At Trumpingtoun, nat fer fro Cantebrigge
November 1, 2020 § 3 Comments
This village was the site for one of Chaucer’s bawdiest stories, The Reeve’s Tale. In sum, two students revenge themselves on a thieving miller by screwing his daughter and his wife, and by beating him senseless.
Chaucer wanted to make the miller the butt of the joke. And so he carefully set up the story so that the reader would understand what a loathsome person the miller of Trumpington was.
The name “Trumpington,” likely of Germanic origin was almost certainly a Chaucerian pun on the French word “tromper,” to trick or deceive, “a town of scoundrels.” The biggest lout in Trumpington was the miller.
The miller was a crook. “A thief he was, in truth, of corn and meal, and also sly, and accustomed for to steal.”
His name? “deynous Symkyn,” with “deynous” meaning “proud, haughty, spiteful.”
He was ugly, too. “Round was his face, and flattened was his nose.”
He was a bully, a “market beater” who’d pick a fight with anyone, anywhere, over any imagined slight. “He was a market-beater in every way.”
People feared him because he went about armed to the teeth. “And by his side he bore a long sword with a razor’s blade.”
He was jealous and dangerous. “For jealous folk been perilous evermore.”
Or maybe he was just a poser? “At least they wish that their wives would think so.”
He was vain and dressed outlandishly. “And Symkin had pants of the same [scarlet red color of his wife’s gown.]”
He was obsessed with a woman’s virginity. “He wanted no wife, as he said, but she was well fed and a maid [virgin].”
He saw his wife and family as a tool to further his financial and family goals. He sought marriage with a high-placed woman “to protect his estate of yeomanry.”
He took advantage of other people’s misfortune. When he learned that the person at the college (Cambridge) responsible for checking on the accuracy of his milling was sick, he stole “a hundred times more than before.”
How much of a thief was he? “He stole outrageously.”
He was a liar. “He blustered (when accused of stealing) and swore it was not so.”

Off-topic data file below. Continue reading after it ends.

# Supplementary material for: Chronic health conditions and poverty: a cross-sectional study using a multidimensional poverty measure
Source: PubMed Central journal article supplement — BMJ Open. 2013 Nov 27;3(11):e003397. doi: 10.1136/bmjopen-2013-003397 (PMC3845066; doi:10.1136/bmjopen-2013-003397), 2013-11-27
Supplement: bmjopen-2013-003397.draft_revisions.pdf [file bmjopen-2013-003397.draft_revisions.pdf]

He was a schemer. When the students came to grind their grain and check on its accuracy, he sneaked off and untied their horse so it would run away, diverting them from their charge. “He stripped off the bridle right anon, and when the horse was loose then was it gone.”
He was a faker and posturer, slyly returning from his misdeeds and pretending nothing had happened. “The miller came again, no word he said, but did his work and with the students played.”
He conspired with others to further his evil schemes. Once the students ran off to find their horse, he stole their grain and had his wife make it into a cake for his own use. “He half a bushel of their flour did take, and told his wife to knead it to a cake.”
At the end, though, the miller got a severe beating from one of the clerks and from his wife, who mistakenly beat him in the head with a pole as he scuffled on the floor in the dark.
At the end, the miller was defeated by his most loyal supporters. His wife cracked his skull and his daughter, in love with the student, showed him where the cake made from the stolen grain was hidden.
At the end, the students, who had been cheated, though they took a bit of a beating themselves, learned their lesson and turned the tables on this conniving, thieving, ill-mannered, haughty and dangerous sonofabitch.
Did Chaucer see into the future? I don’t know. Happy election day tomorrow, and don’t forget to vote!